Determinants of HealthSee also: Social determinants of health and Risk factor
Generally, the context in which an individual lives is of great importance for his health status and quality of life. It is increasingly recognized that health is maintained and improved not only through the advancement and application of health science, but also through the efforts and intelligent lifestyle choices of the individual and society. According to the World Health Organization, the main determinants of health include the social and economic environment, the physical environment, and the person's individual characteristics and behaviors.
More specifically, key factors that have been found to influence whether people are healthy or unhealthy include:
An increasing number of studies and reports from different organizations and contexts examine the linkages between health and different factors, including lifestyles, environments, health care organization, and health policy - such as the 1974 Lalonde report from Canada; the Alameda County Study in California; and the series of World Health Reports of the World Health Organization, which focuses on global health issues including access to health care and improving public health outcomes, especially in developing countries.
The concept of the "health field", as distinct from medical care, emerged from the Lalonde report from Canada. The report identified three interdependent fields as key determinants of an individual's health. These are:
- Lifestyle: the aggregation of personal decisions (i.e., over which the individual has control) that can be said to contribute to, or cause, illness or death;
- Environmental: all matters related to health external to the human body and over which the individual has little or no control;
- Biomedical: all aspects of health, physical and mental, developed within the human body as influenced by genetic make-up.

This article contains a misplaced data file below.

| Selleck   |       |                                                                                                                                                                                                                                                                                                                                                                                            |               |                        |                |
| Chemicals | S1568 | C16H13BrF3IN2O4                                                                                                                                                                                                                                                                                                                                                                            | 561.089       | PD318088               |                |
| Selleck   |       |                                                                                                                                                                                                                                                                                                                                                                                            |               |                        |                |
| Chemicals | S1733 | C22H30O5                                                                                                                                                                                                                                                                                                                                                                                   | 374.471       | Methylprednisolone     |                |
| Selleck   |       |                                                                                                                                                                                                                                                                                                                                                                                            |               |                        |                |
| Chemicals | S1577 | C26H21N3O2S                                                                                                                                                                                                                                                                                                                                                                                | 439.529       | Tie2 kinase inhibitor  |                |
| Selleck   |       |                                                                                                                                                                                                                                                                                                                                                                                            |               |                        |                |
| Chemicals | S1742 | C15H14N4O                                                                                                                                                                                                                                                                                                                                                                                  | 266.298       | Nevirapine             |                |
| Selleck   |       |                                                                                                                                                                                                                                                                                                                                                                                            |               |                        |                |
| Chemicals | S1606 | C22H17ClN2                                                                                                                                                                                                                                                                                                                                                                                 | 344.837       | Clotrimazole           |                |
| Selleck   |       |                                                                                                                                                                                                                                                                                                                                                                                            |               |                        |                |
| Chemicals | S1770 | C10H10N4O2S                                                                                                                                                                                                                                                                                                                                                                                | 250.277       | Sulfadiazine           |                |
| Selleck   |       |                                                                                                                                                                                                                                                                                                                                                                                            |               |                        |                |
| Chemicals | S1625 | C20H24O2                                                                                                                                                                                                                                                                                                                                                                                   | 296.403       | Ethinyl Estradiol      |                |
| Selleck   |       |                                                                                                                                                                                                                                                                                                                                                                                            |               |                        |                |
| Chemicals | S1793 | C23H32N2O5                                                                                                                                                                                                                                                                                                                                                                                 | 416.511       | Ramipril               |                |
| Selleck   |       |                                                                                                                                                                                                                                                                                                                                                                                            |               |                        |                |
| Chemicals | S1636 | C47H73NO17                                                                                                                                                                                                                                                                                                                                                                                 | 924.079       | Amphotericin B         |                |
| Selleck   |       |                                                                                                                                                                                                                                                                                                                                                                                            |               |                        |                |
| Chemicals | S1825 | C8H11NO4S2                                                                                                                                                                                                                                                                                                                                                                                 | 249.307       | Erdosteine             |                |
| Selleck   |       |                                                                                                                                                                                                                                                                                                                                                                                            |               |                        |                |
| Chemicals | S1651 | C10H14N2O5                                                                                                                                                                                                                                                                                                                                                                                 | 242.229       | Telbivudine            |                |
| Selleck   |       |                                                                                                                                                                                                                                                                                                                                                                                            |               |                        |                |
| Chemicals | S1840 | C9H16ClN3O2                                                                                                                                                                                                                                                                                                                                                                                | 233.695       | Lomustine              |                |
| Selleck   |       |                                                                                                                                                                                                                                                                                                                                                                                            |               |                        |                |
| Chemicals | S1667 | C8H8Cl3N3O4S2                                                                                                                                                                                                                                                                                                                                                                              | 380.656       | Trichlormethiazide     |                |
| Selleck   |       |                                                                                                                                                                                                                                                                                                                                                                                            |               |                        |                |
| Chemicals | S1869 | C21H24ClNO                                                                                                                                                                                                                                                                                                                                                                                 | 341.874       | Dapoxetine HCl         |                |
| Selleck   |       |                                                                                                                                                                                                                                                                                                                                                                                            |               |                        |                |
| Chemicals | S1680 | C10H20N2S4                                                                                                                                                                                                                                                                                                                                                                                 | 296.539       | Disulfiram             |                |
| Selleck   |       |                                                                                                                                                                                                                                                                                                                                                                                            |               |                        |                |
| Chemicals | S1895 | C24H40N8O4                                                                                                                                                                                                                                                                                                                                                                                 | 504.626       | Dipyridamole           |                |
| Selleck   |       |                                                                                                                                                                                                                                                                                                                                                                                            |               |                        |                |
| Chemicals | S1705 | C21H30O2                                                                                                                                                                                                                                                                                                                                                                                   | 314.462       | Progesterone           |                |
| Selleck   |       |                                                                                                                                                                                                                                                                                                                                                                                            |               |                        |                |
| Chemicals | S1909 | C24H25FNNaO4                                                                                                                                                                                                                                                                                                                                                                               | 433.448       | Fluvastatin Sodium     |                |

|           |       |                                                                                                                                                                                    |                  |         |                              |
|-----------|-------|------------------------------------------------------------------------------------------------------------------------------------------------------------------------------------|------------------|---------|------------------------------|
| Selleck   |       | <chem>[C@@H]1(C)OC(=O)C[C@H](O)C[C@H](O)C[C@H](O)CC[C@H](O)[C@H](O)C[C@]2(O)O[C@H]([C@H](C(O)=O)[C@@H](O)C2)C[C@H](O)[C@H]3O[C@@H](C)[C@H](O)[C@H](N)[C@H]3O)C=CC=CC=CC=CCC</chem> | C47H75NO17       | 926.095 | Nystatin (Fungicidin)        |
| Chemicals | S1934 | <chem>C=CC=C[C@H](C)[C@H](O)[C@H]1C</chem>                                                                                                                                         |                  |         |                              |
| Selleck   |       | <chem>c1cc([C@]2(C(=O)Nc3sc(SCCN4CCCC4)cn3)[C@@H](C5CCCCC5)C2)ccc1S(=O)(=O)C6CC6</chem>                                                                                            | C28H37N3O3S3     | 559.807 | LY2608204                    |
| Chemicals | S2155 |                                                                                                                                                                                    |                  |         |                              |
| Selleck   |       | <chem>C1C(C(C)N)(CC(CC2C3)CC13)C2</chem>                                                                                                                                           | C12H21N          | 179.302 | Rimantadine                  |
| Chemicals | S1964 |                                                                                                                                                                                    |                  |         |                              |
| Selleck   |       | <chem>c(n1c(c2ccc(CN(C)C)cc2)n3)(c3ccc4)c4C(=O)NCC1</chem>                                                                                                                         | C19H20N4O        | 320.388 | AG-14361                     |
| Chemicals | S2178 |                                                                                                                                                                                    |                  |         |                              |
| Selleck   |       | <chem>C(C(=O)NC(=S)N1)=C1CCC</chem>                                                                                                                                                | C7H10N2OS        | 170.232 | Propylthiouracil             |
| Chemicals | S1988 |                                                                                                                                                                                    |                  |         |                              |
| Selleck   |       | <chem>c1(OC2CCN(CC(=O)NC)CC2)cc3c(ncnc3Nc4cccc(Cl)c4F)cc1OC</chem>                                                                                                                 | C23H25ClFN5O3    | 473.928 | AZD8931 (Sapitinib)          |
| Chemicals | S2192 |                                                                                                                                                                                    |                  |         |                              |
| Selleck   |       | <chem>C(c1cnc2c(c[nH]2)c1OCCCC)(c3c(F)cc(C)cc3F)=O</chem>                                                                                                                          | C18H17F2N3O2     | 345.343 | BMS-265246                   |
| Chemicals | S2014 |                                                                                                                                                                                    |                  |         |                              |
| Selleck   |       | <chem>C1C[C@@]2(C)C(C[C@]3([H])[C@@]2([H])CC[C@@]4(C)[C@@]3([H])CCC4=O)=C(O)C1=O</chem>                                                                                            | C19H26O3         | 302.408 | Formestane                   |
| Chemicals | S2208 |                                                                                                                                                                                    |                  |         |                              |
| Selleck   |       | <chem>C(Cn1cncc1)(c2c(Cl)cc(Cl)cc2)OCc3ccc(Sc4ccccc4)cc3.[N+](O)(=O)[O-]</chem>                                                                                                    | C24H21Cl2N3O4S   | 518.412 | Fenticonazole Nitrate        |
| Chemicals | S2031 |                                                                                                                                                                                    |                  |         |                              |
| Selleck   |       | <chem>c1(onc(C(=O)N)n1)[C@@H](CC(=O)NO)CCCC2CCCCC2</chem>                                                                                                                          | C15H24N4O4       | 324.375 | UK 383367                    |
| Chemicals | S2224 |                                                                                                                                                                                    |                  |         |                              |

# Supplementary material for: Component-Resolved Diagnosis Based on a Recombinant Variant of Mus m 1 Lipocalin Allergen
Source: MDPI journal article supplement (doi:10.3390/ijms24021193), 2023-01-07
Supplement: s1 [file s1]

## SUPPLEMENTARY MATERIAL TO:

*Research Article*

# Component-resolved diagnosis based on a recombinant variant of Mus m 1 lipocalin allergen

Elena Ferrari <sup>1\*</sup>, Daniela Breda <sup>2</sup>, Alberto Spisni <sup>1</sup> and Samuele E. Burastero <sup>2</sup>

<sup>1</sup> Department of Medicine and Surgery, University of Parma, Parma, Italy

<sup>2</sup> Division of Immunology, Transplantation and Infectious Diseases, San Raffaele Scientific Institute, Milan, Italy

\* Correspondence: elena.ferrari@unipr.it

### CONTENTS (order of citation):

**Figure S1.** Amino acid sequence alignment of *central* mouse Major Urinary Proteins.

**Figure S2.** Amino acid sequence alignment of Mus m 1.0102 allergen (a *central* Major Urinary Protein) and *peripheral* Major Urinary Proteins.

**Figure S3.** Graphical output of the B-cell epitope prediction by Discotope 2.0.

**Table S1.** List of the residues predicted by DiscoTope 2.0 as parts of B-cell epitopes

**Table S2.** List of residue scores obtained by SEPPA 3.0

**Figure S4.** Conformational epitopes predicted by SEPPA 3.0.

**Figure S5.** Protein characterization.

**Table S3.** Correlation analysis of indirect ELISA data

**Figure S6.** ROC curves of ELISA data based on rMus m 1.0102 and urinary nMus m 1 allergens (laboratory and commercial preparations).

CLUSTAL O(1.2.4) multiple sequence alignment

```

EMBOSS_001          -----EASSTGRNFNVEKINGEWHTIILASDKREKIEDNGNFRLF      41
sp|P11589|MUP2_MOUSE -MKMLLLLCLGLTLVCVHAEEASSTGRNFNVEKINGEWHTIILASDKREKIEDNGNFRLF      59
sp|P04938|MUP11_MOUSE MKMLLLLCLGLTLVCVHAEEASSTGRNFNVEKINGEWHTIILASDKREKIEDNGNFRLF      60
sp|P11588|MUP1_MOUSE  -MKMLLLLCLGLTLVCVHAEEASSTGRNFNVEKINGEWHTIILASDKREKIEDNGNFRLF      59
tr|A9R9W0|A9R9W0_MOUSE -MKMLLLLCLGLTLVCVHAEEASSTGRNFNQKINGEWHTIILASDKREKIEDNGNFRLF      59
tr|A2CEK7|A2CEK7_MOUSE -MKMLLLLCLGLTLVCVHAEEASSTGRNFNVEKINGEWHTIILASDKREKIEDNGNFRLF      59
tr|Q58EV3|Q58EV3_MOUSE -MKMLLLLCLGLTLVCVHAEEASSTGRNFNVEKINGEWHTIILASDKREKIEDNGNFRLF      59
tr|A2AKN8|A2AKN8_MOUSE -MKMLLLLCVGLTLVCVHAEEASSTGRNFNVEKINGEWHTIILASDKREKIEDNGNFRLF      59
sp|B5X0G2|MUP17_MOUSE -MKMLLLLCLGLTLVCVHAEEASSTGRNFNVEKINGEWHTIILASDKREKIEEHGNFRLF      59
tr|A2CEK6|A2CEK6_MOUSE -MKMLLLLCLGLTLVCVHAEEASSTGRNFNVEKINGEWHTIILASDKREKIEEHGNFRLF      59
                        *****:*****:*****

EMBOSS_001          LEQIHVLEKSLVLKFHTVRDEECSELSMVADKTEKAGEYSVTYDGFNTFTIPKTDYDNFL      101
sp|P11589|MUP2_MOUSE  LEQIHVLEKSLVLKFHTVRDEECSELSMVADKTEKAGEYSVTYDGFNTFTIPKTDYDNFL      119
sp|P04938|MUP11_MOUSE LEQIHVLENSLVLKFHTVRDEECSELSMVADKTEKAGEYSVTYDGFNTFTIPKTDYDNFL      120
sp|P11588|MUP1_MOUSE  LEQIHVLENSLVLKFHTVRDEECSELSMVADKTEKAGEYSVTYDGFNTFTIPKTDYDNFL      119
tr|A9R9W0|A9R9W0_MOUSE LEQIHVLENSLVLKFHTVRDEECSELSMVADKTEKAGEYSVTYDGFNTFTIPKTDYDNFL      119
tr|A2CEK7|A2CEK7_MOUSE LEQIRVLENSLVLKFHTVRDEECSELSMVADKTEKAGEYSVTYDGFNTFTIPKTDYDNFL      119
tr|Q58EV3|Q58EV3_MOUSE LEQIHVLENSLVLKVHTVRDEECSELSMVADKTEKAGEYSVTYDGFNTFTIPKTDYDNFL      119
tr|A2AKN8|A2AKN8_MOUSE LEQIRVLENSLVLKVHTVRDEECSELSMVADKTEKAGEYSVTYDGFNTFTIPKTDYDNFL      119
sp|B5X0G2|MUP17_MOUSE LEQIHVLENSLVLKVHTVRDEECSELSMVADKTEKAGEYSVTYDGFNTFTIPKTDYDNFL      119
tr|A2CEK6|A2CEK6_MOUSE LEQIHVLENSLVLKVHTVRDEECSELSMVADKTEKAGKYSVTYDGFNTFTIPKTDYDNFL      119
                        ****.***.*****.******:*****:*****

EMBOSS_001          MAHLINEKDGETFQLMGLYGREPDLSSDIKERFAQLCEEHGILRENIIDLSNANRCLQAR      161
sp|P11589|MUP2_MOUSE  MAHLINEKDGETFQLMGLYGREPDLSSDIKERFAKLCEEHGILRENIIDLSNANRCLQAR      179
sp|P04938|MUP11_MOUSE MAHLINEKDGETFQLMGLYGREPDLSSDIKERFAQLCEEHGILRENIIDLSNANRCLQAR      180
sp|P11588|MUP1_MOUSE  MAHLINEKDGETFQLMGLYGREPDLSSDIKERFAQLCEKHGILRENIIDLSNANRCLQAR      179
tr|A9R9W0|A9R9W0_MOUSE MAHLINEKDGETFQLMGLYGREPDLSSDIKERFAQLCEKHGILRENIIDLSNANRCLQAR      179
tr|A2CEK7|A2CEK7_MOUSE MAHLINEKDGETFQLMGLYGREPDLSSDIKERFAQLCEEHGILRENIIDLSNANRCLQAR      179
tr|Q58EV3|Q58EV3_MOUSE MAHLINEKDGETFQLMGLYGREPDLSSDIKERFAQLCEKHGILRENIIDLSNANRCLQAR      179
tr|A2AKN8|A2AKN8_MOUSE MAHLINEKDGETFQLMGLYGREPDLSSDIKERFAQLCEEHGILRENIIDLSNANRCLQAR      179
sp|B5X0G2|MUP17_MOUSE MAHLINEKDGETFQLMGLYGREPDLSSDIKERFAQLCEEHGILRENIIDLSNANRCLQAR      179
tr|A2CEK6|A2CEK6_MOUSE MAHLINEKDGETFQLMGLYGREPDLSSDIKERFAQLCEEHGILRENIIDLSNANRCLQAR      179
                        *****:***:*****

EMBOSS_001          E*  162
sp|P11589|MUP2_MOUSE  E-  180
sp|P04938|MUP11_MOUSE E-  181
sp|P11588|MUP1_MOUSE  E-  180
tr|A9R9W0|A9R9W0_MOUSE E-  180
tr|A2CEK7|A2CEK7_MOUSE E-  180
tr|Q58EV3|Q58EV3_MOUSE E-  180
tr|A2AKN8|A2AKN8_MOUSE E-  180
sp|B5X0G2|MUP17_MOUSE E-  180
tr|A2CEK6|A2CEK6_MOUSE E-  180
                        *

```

The maintenance and promotion of health is achieved through different combination of physical, mental, and social well-being, together sometimes referred to as the "health triangle". The WHO's 1986 Ottawa Charter for Health Promotion further stated that health is not just a state, but also "a resource for everyday life, not the objective of living. Health is a positive concept emphasizing social and personal resources, as well as physical capacities."
Focusing more on lifestyle issues and their relationships with functional health, data from the Alameda County Study suggested that people can improve their health via exercise, enough sleep, maintaining a healthy body weight, limiting alcohol use, and avoiding smoking. The ability to adapt and to self manage have been suggested as core components of human health.
The environment is often cited as an important factor influencing the health status of individuals. This includes characteristics of the natural environment, the built environment, and the social environment. Factors such as clean water and air, adequate housing, and safe communities and roads all have been found to contribute to good health, especially to the health of infants and children. Some studies have shown that a lack of neighborhood recreational spaces including natural environment leads to lower levels of personal satisfaction and higher levels of obesity, linked to lower overall health and well being. This suggests that the positive health benefits of natural space in urban neighborhoods should be taken into account in public policy and land use.
Genetics, or inherited traits from parents, also play a role in determining the health status of individuals and populations. This can encompass both the predisposition to certain diseases and health conditions, as well as the habits and behaviors individuals develop through the lifestyle of their families. For example, genetics may play a role in the manner in which people cope with stress, either mental, emotional or physical. (One difficulty is the issue raised by the debate over the relative strengths of genetics and other factors; interactions between genetics and environment may be of particular importance.)
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... that policies, programs and projects have the potential to change the determinants of health underpins HIA's use ... Changes to health determinants then leads to changes in health outcomes or the health status of individuals and communities ... The determinants of health are largely environmental and social, so that there are many overlaps with environmental impact assessment and social impact assessment ...
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—Anonymous Father. Ourselves and Our Children, by Boston Womens Health Book Collective, ch. 5 (1978)